One exotic location preferred by Indians were the Caribbean islands (Grenada). The US allows nationals from there to do business through its E-2 Treaty Investor visa—granting a stay for up to two years, which can be further extended.

Some Indians acquired citizenship of these countries to access the route. In other words, this was a circumvention. But not any longer.

“The US has made it mandatory for them (people who use the E-2 Treaty route) to be a resident in these countries for at least three years, closing the easy door," says Sharma.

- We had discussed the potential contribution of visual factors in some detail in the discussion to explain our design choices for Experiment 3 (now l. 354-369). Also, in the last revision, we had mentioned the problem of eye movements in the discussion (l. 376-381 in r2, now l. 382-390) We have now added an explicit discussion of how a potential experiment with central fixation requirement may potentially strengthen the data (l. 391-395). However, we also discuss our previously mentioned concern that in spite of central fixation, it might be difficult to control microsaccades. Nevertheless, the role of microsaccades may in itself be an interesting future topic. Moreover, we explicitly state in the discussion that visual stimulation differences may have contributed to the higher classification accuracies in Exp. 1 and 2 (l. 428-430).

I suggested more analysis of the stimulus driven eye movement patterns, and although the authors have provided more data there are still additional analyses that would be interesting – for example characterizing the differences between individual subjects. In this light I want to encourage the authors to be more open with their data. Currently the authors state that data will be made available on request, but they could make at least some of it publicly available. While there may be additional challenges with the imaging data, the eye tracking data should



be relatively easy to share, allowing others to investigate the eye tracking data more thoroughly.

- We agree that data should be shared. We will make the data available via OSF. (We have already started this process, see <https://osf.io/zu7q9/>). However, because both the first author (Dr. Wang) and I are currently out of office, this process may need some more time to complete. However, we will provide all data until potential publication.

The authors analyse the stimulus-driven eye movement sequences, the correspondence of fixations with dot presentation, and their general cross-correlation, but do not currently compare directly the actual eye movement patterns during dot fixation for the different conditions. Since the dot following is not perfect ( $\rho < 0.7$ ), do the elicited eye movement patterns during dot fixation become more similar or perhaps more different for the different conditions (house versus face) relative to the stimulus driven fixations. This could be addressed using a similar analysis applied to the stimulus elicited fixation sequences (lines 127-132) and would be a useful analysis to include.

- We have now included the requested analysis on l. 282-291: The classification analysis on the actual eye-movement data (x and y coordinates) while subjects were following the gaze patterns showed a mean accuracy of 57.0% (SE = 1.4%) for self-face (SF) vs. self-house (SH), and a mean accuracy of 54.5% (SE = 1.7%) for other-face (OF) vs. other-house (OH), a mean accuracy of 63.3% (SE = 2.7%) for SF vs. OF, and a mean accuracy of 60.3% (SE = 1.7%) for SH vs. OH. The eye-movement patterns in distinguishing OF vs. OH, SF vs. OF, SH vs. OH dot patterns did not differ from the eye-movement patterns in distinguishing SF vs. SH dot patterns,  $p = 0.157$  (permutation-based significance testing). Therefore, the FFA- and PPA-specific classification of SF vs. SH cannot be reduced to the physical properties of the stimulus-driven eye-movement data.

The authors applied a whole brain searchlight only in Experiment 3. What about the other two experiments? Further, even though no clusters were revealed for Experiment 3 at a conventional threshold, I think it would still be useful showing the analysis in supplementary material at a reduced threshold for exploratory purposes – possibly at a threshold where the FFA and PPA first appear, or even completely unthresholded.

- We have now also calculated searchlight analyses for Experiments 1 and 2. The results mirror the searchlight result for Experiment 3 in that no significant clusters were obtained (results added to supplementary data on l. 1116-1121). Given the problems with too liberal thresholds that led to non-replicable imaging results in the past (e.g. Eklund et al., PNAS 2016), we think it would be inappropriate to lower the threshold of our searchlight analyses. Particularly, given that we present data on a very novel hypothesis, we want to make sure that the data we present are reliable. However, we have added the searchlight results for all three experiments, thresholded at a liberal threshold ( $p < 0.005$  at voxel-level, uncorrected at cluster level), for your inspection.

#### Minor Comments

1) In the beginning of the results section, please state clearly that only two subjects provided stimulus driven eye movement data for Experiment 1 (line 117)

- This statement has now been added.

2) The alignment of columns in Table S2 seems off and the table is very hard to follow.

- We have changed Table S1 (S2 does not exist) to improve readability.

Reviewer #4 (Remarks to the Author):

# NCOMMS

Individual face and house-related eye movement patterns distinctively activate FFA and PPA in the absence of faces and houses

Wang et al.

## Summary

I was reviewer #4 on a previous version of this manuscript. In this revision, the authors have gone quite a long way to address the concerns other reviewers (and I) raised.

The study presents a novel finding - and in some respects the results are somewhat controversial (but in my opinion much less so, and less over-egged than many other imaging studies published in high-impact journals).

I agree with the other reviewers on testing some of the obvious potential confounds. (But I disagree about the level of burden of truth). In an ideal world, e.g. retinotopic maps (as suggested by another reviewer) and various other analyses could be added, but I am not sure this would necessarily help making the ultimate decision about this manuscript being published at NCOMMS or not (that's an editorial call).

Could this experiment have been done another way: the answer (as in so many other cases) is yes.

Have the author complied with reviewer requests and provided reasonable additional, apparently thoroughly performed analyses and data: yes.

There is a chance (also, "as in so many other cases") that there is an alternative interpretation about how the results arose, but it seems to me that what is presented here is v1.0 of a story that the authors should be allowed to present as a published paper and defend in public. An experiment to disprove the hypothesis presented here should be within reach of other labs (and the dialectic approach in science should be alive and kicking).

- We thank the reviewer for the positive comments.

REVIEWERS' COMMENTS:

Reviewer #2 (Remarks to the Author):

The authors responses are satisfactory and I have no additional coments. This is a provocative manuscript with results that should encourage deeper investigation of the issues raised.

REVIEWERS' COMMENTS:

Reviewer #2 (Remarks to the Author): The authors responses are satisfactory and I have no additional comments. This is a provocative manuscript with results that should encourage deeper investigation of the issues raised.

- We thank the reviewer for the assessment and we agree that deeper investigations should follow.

He picks Canada, the UK, Germany and Australia as hot destinations among his clients now. The US is tough to crack, he adds.

“People pick locations where they can stay an active businessman. As far as golden visas in the European Union (EU) countries are concerned, Portugal’s has been shut down. Others will follow suit in a year or so—what happens in one EU country is usually followed by others," Sharma says. Ireland’s golden visa has been discontinued, too.

Portugal and Ireland scrapped their golden visa programmes because of surging real estate prices (the influx of immigrants led to the spike) and money laundering, among other reasons.

Citizenship questions

The surge in Indians relinquishing their passports to take up citizenship in other countries in recent years has been presented in a bad light. It is often portrayed as a brain or wealth drain. Some say it is a lack of confidence in India. But that may not be the case, experts say.